State implements mandatory free state testing for juniors
This year, Ohio students will be able to choose from three paths to graduation: end of course exams, technical certification and a passing score on either the ACT or SAT.
To enable the college placement exam option, the Ohio Department of Education is also mandating that all school districts administer one of the two tests to all of their students for free, excepting those with disabilities and those who have already taken it.
“This spring, approximately 117,000 Ohio juniors will take the ACT test and approximately 14,000 students will take the SAT at an approximate cost of $5.25 million. Approximately
95 percent of Ohio districts and schools will administer the ACT test and approximately 5 percent of districts and schools will administer the SAT test,” Brittany Halpin, the Associate Director of Media Relations at the ODE, said.
The Wooster City School District has opted for the ACT, which will be administered on 19 April, said high school guidance counselor Cheryl Goff.
An article in the Winter edition of the District Newsletter clarifies that students who have already taken either of the exams and received a remediation free score will be compelled to pay for the administration.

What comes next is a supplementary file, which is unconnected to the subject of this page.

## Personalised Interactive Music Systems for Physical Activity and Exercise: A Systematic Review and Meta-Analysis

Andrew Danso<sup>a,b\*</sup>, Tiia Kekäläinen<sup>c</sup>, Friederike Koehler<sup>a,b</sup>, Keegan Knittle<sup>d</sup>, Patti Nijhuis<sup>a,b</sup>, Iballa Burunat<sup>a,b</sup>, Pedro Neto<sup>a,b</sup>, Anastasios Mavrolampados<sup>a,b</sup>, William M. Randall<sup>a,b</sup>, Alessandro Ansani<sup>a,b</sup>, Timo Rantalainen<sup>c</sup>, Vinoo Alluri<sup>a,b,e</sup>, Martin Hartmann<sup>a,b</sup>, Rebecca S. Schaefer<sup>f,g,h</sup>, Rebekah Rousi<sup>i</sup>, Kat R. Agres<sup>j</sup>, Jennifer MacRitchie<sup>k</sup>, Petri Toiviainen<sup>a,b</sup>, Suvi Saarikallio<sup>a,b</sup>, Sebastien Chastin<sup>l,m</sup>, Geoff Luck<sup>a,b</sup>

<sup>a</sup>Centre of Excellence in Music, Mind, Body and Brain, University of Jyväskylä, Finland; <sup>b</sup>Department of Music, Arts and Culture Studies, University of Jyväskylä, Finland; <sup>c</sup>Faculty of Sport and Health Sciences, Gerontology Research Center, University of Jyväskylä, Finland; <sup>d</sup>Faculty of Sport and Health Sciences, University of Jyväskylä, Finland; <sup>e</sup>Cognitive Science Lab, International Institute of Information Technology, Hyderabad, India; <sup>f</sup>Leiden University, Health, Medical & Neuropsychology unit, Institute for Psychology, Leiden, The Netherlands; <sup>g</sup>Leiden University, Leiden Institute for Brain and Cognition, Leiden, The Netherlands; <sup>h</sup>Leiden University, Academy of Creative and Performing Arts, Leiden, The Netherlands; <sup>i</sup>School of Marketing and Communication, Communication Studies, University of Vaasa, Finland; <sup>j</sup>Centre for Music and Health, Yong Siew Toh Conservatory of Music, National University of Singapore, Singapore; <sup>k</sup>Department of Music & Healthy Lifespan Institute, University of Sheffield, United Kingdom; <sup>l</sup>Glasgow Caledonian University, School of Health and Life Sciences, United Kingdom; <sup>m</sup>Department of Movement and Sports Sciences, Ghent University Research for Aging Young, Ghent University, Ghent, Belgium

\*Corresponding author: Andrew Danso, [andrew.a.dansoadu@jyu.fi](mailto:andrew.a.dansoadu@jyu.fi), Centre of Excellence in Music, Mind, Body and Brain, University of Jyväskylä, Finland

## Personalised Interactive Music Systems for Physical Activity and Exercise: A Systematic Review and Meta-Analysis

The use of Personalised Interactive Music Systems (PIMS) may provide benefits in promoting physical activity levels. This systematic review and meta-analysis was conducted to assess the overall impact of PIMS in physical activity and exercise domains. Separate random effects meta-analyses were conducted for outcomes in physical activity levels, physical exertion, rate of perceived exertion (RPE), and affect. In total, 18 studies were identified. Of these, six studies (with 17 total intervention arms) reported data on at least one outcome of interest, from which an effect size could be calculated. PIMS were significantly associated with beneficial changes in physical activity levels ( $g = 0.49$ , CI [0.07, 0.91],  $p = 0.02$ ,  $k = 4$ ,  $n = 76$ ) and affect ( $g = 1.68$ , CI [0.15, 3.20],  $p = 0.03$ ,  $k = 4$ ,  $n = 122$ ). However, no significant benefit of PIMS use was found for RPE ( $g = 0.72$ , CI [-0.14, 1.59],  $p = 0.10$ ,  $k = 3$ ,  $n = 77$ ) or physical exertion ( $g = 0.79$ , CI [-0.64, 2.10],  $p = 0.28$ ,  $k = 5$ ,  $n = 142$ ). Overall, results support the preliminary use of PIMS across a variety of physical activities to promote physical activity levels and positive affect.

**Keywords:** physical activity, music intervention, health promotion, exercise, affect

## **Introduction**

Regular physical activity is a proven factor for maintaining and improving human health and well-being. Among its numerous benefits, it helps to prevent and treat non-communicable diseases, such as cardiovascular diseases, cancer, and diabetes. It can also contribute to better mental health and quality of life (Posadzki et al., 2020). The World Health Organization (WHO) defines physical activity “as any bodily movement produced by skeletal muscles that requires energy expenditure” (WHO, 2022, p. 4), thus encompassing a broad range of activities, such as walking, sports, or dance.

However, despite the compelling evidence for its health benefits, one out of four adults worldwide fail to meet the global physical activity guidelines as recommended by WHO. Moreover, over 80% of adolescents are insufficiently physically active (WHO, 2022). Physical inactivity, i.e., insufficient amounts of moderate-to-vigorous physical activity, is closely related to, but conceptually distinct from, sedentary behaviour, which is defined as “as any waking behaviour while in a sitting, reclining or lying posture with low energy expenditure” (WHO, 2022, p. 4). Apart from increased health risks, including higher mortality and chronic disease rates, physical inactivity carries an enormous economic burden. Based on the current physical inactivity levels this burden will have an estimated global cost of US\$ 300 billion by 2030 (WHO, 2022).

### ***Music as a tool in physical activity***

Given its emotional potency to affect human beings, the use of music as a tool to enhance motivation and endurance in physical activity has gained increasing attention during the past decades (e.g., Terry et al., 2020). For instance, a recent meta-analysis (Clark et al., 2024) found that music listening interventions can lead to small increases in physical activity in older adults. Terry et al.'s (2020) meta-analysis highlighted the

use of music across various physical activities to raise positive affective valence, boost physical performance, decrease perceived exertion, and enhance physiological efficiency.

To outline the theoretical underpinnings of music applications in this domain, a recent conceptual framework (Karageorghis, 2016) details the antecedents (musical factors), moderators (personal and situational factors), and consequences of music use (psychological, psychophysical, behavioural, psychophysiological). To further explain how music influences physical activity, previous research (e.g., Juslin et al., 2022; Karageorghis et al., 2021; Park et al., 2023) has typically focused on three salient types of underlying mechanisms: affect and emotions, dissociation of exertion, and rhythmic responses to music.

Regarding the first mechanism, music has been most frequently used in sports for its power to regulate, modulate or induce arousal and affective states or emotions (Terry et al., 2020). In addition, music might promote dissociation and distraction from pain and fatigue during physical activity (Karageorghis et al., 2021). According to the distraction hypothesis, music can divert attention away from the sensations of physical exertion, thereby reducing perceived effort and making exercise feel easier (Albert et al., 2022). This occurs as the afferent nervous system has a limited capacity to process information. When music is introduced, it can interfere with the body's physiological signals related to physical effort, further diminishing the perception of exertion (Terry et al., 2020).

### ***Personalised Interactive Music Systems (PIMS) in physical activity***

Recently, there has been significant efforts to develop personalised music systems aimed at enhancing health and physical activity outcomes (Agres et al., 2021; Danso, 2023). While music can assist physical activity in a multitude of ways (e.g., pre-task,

The ODE defines remediation- free as a score of 18, 22, and 22 or higher on the English,
reading and science subsections of the ACT.
Respectively; on the SAT the requisite scores are 430, 450 and 520 on the Writing, Reading, and Mathematics subsections respectively.
The state is not requiring school districts to administer the writing portion of the SAT, and thus WSCD will not be offering that section on the
April 19 testing date, according to Goff.
Joshua Hyman, a professor in the Department of Public Policy at the University of Connecticut, has studied the introduction of mandatory and free college entrance exam policies in other states; he has found they have a small, positive effect on college enrollment and graduation rates among low-income students.
“Low income students often work on weekends, maybe can’t afford $50, and it might be hard for them to travel to another school. Also, because their parents and older siblings may not have gone to college, these students may not realize they should take these tests,” Hyman wrote in an email.
Halpin said that eliminating
these burdens was the primary goal in the implementation of the free and mandatory testing program.
Halpin states the goal is to encourage the enrollment of low income students in college.
Catherine Gewertz, writing in Education Week on Jan. 4, 2016, reported that these policies are a growing trend among states, and are not ones free of criticism.
Gewertz reports FairTest, a national nonprofit group that opposes standardized testing, chided the policies because they do not reflect a student’s academic performance.
In addition, to the SAT and ACT’s narrow scopes, they may not align with broader state standards; redirecting teaching-to-the-test instead of eliminating it.